Nancy Zieman really was one of the best at coming up with clever sewing tools to make the job easier and more fun. Talk about an ingenious woman! One of her last projects was developing a line of sewing tools designed to appeal to a young sewer. One of the things that I found so endearing about following Sewing with Nancy over the years is how the show really changed as her life changed. You learned a lot about her current interests through the topics she was focusing on. The “I Sew For Fun” project is another example as she was sharing her passion for sewing with her darling Granddaughters.
I think sewing through the generations is something we can all relate to. I was 4 when my mom taught me how to sew on my great grandmothers treadle machine. Yes, I learned on a treadle! I’ve always been a bit of a chatterbox so mom said when I started talking and stopped paying attention, I also stopped peddling so she never had to worry about me running over my finger! To this day, I can’t walk and chew gum.
At age 4, I became a quilter, making doll quilts; I also became an instructor, teaching my kindergarten friend to make quilts, too. Now, I’m teaching my young children! They have made lots of quilting and crafting projects, but this challenge prompted me to introduce them to embroidery.
For my online show, “Absolute Beginner Machine Embroidery,” I have to prepare 26 embroidery lessons to film in about 3 1/2 days. It’s a tremendous amount of work (more about that in a later post). For this season, I got to embroider these adorable towels with little creatures right along the hemline.
My youngest daughter stayed by my side through this whole project, helping me to select a design and all of the thread colors. She really enjoyed it and I got to practice teaching the project to her before presenting it for the camera. In the lesson, I share hooping techniques and discuss working with different stabilizers. It was the perfect opportunity for me to put a couple of my new “I Sew For Fun” notions to work! Finding a good marking pen that writes on all types of material and erases can be a challenge. I used the Clover ISFF Fabric Marking pen to mark the center position of my embroidery design on my towel. It wrote easily and could be seen, then just a spritz of water removed it – LOVE!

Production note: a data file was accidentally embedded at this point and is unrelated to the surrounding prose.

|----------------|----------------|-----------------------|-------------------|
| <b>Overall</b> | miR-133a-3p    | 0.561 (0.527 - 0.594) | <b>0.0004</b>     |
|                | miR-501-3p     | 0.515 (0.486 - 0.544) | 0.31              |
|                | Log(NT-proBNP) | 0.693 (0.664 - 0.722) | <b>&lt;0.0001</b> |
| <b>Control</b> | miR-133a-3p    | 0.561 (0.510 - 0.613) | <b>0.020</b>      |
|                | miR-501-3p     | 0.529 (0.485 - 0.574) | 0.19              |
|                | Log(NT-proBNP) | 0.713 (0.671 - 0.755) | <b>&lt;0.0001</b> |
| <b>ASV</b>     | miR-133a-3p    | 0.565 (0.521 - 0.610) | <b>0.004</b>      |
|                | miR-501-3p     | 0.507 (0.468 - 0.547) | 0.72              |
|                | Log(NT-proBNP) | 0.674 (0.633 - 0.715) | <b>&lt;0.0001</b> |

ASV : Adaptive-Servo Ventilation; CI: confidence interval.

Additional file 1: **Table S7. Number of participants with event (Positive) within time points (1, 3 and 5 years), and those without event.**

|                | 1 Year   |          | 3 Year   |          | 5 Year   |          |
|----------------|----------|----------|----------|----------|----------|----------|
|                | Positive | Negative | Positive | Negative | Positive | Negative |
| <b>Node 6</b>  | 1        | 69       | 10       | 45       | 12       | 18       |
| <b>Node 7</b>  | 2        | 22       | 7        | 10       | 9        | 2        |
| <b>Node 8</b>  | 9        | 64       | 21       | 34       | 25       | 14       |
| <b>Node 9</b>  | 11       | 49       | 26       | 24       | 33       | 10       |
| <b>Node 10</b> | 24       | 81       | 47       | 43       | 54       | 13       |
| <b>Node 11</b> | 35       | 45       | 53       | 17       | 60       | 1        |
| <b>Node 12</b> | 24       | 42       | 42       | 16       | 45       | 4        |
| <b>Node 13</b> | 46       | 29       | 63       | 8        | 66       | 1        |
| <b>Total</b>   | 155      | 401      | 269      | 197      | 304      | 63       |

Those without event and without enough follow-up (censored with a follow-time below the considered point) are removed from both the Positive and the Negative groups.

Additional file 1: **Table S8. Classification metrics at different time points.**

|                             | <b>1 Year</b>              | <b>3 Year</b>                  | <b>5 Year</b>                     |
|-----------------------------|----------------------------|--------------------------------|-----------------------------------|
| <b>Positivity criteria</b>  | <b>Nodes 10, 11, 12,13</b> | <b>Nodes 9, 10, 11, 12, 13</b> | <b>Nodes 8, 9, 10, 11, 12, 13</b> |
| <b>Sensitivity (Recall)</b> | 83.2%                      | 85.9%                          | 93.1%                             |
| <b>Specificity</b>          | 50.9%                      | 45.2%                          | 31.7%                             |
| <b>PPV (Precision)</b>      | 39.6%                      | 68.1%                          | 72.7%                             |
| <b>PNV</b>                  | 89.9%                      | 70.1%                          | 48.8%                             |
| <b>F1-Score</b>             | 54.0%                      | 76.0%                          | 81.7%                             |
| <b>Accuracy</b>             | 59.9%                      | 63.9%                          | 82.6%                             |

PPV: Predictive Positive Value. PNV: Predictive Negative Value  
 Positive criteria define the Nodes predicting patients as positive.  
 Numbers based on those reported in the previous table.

I also found the ISFF Heart Shaped pins handy, they have a flat head and are nice and long so they are perfect for pinning the thick towel I was working with to my hooped Stick Tear, Tear Away stabilizer from Baby Lock. I like to pin the towel to hold it in place while my machine bastes the hoop and a topper stabilizer like Melt Away in place. Once basted, I remove the pins.
If you don’t have a basting feature on your machine, you can leave the Heart Shaped Pins in place (as long as they are fully outside of the embroidery area), without having to worry about the pin head getting caught on the embroidery foot. Once you are done with your pins, why not put them in the adorable Heart Shaped Magnetic Pin Cushion!
I hear all of the time from students in my classes that their family members “just aren’t interested” in sewing. I feel that it is important to expose children early to the love of our creative craft and “The Flying Sewing Machine”, by Nancy Zieman is an adorable way to lead into it. From there, it’s all about finding a project that appeals to the person you are trying to introduce to sewing. Maybe you are a quilter but your daughter isn’t interested in quilting. Maybe she would enjoy learning to create a new tote bag – or even an embroidered towel. Spend a little time sharing what you love about sewing and ask questions like, “If you could make one thing, what would it be?” Or “What cool accessory have you seen lately that you couldn’t afford to buy?” These are fun ways to start gathering information and gear a project toward a new sewer, of any age. Have fun with it and make sure you share your tips and favorite tools so it is fun for your new Sewing friend, too. The right tool for the job makes all the difference in creating a successful project. And a successful project makes all the difference in inspiring someone to sew.